~ As this recipe has only a small volume of sugar and vinegar (both of which are preserving agents), you may prefer to store the ketchup in your fridge and use within a few weeks. We have stored it in a dark cupboard, eaten it many, many months after making, and been just fine. However, we are not experts in preserving or food safety, so please do your own research and decide for yourself.

 

This post was commissioned by McCarthy & Stone for their Great British Recipe Tree campaign. Recipe copyright remains with Mamta’s Kitchen / Kavey Eats.

 

I love home-made ketchup, and it’s even more satisfying making it from home-grown tomatoes.

In the past, I’ve made several batches with red tomatoes and a couple of batches with green ones but this is the first batch I’ve made with beautiful orange sungold tomatoes, a variety we’ve been growing for the last few years. Sungold is a cherry tomato variety and naturally super sweet, so a lot of the harvest doesn’t even make it indoors, or last long if it does. But our plants are giving us plenty this year, both those in the greenhouse and the ones outside. I was keen to see if I could preserve the vibrant colour in a ketchup to enjoy once the growing season is over.

SungoldTomatoKetchup- SungoldTomatoKetchup-2

I used my maternal grandfather’s Spicy Tomato Ketchup recipe – the same one I’ve used before. I had 940 grams of tomatoes, so I halved the recipe and made some minor adjustments to spices as well.

 

Spicy Sungold Tomato Ketchup

Ingredients
1 kg ripe sungold tomatoes
Half a small onion, diced
1-2 garlic cloves, peeled and chopped
Whole spices in fabric bag *
5-6 cloves
2 black cardamoms, cracked open to release flavours
Half teaspoon whole black peppers, cracked open to release flavours
Half teaspoon cumin seeds
1-2 small pieces of cinnamon or cassia bark
Ground Spices
Half teaspoon nutmeg, freshly grated if possible
1 teaspoon chilli powder (or to taste)
2 level teaspoons mustard powder
40 grams sugar (with extra available to adjust to taste)
50 ml cider vinegar (with extra available to adjust to taste)
1 teaspoon salt

* Instead of wrapping my whole spices in muslin tied with string, I use fill-your-own teabags for speed. These are easy to fish back out of the pot and throw away once used.

Method

  • Sterilise your jars and lids. I boil my lids in a pan on the stove for 20 minutes before laying them out to dry on a clean tea towel. I sterilise my glass jars in the oven, leaving them in until I’m ready to fill them.
  • If you like, you can cut the tomatoes in half, or just slash each one, which makes it easier for them to break down more quickly, but as the sungolds are small, I put them in the pan whole and squish occasionally with a wooden spoon as they cooked.
  • Place tomatoes, onion, garlic and bag of whole spices into a large pan. Add a couple of tablespoons of water to stop the tomatoes catching at the bottom before they release their own juices.
  • Cook until soft.
  • Allow to cool a little. Remove spice bag.
  • Blend into as smooth a puree as you can.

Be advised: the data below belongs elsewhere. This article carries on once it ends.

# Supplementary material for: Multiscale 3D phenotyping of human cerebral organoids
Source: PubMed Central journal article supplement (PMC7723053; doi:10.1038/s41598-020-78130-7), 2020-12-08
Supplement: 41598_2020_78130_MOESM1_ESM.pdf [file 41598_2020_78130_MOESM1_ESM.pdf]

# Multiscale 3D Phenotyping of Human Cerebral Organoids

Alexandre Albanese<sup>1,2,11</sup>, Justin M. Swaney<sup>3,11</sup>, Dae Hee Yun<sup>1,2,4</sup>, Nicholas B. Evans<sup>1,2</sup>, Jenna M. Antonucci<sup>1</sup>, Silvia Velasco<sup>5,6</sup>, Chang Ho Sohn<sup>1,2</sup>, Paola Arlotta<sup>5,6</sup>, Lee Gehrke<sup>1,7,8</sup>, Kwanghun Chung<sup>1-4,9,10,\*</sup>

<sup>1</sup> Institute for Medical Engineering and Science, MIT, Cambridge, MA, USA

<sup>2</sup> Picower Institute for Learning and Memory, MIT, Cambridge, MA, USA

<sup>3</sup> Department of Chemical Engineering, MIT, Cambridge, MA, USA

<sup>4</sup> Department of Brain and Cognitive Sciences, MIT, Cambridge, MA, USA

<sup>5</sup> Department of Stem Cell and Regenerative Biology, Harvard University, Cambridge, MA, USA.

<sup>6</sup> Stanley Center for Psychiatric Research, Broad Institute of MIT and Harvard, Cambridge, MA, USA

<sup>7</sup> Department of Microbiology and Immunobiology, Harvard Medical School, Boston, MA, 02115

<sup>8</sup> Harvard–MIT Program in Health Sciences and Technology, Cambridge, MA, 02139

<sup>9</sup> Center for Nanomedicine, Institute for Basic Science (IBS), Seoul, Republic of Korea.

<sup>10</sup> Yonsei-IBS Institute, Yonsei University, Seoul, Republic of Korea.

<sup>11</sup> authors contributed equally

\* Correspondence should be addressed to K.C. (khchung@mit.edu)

• Press through a sieve to remove skin and seed residue.
  • Place the sieved liquid into a pan with the nutmeg, chilli powder and mustard powder and bring to the boil.
  • If your liquid is quite thin, boil longer to thicken. The time this takes can vary wildly. In the past it’s taken half an hour. This time, I found the liquid was reasonably thick after 5 minutes boiling.
  • Add the vinegar and sugar and continue to cook until the sauce reaches ketchup consistency.
  • Add salt.
  • Taste and add additional vinegar or sugar, if needed.
  • Remove the sterilised jars from the oven and pour the ketchup into them while both ketchup and bottles are still hot.
  • Seal immediately.
  • Once cooled, you can label and store in a dark cupboard.

Please note: As this recipe has only a small volume of sugar and vinegar (both of which are preserving agents), you may prefer to store the ketchup in your fridge and use within a few weeks. We have stored it in a dark cupboard, eaten it many, many months after making, and found it fine. However, we are not experts in preserving or food safety, so please do your own research and decide for yourself.

 

How have you been preserving your garden or allotment harvests? I’d love to hear your recipes and ideas for tomatoes, apples and potatoes in particular!

 

My family call this sauce imli (tamarind) chutney. The word chutney comes from the Hindi chaatni which describes a tangy condiment that makes you lick your lips at it’s flavour! Although the verb chaatna means to lick I think lipsmacking is the most appropriate translation in this case!

I refer to it as a ketchup or sauce because I’ve found that most people in the UK think of chutneys as condiments with chunks of fruit and vegetables in them rather than smooth sauces like this one.

Traditionally, it is used in chaat dishes – snacks which again make you want to lick your lips (and your fingers) clean of every last morsel! They are often sold as street food – though many families enjoy them at home too – and are usually hot, spicy, tangy and with a contrasting mix of textures.

The chaat dishes I’m most familiar with usually include a dough-based element such as gole-gappa (crisp puffed-up fried breads) or maybe something like vadas (lentil dumplings) plus natural yoghurt, tamarind chutney (or ketchup, as I’m calling it), a combination of spices and herbs and perhaps also some boiled potatoes, chickpeas, salad items and green mango coriander chutney. I like for there to be something crunchy in the mix against the softer potatos and chickpeas, myself.